JYI: Will the patients know that they are part of an experiment?

Dr. Guillet: Absolutely, the parents will have to sign consent. We spend a lot of time talking to the families. For example one of the studies that we’re doing right now, we’re part of the NICHD, so the National Institute of Health and Human Development, the neonatal research network, so it’s 18 centers across the country. And one of the things that we don’t know is how low a baby’s hematocrit can get, so how anemic they can get safely. So when should we transfuse a little preemie. You could argue that you could let the hematocrit get very low, because you don’t want to increase the risk of giving them transfusions, because it’s volume, it’s somebody else’s blood.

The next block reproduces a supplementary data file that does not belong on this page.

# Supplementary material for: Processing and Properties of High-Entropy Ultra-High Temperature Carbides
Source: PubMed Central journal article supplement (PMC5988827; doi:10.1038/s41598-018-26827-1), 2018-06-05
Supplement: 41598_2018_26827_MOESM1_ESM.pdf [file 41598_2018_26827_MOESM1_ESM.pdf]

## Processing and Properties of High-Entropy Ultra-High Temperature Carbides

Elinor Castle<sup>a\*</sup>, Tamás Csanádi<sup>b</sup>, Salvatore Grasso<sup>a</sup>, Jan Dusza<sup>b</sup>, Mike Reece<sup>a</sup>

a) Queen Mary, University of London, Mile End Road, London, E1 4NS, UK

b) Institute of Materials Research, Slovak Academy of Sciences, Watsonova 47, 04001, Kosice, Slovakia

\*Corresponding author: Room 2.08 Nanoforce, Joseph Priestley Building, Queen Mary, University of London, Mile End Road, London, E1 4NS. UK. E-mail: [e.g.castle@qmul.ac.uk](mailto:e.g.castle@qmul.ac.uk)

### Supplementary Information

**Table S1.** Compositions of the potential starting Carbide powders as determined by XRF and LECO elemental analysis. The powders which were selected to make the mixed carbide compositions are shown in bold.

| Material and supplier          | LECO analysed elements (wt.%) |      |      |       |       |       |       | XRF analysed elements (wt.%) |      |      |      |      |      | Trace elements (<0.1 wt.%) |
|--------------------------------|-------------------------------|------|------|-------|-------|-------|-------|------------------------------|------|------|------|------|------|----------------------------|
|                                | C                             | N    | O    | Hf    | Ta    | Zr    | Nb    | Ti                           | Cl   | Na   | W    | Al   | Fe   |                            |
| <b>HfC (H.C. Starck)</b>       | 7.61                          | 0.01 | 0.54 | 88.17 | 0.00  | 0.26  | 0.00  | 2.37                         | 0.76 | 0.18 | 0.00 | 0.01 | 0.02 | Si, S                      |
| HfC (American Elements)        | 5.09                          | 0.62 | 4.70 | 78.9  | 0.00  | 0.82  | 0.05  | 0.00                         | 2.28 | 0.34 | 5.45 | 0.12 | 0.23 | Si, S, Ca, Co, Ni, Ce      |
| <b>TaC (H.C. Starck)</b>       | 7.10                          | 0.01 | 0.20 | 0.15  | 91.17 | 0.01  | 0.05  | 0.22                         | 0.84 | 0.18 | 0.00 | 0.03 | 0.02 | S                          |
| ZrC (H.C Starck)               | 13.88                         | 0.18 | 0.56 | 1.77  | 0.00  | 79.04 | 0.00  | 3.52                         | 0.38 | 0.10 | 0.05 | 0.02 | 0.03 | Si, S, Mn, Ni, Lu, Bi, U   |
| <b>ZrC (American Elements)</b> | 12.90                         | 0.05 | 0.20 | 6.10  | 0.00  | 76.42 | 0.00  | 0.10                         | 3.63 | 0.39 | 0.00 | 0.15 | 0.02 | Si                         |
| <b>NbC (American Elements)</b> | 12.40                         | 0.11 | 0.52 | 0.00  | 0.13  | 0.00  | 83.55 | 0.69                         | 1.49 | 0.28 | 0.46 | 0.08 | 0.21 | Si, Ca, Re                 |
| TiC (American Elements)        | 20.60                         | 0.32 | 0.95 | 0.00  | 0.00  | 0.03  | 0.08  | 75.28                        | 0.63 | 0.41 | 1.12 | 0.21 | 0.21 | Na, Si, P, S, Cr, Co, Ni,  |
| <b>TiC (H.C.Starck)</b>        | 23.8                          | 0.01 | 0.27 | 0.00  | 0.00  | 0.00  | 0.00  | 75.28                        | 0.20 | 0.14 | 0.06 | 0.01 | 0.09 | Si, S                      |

On the other hand, the reason you give a transfusion is to have the red blood cells to carry oxygen to the tissues. You think something straightforward like that, people would know when someone should be transfused, but we don’t, especially for preemies, especially for the preemies that weigh less than two pounds at birth.  The study that we’re participating in, we talk to families and say we’ve got a study where your baby would be randomly assigned to be transfused either when their crit was at a higher level or a lower level, and then we’re going to collect a lot of information for two years, and see how they do. We spend a lot of time talking to the families, we have about a six-page consent form that we go through with them. We make sure that they understand, answer all their questions, and then they either consent or don’t consent. And probably about a third to a half of the people that we approach agree to let their babies be in one study or another.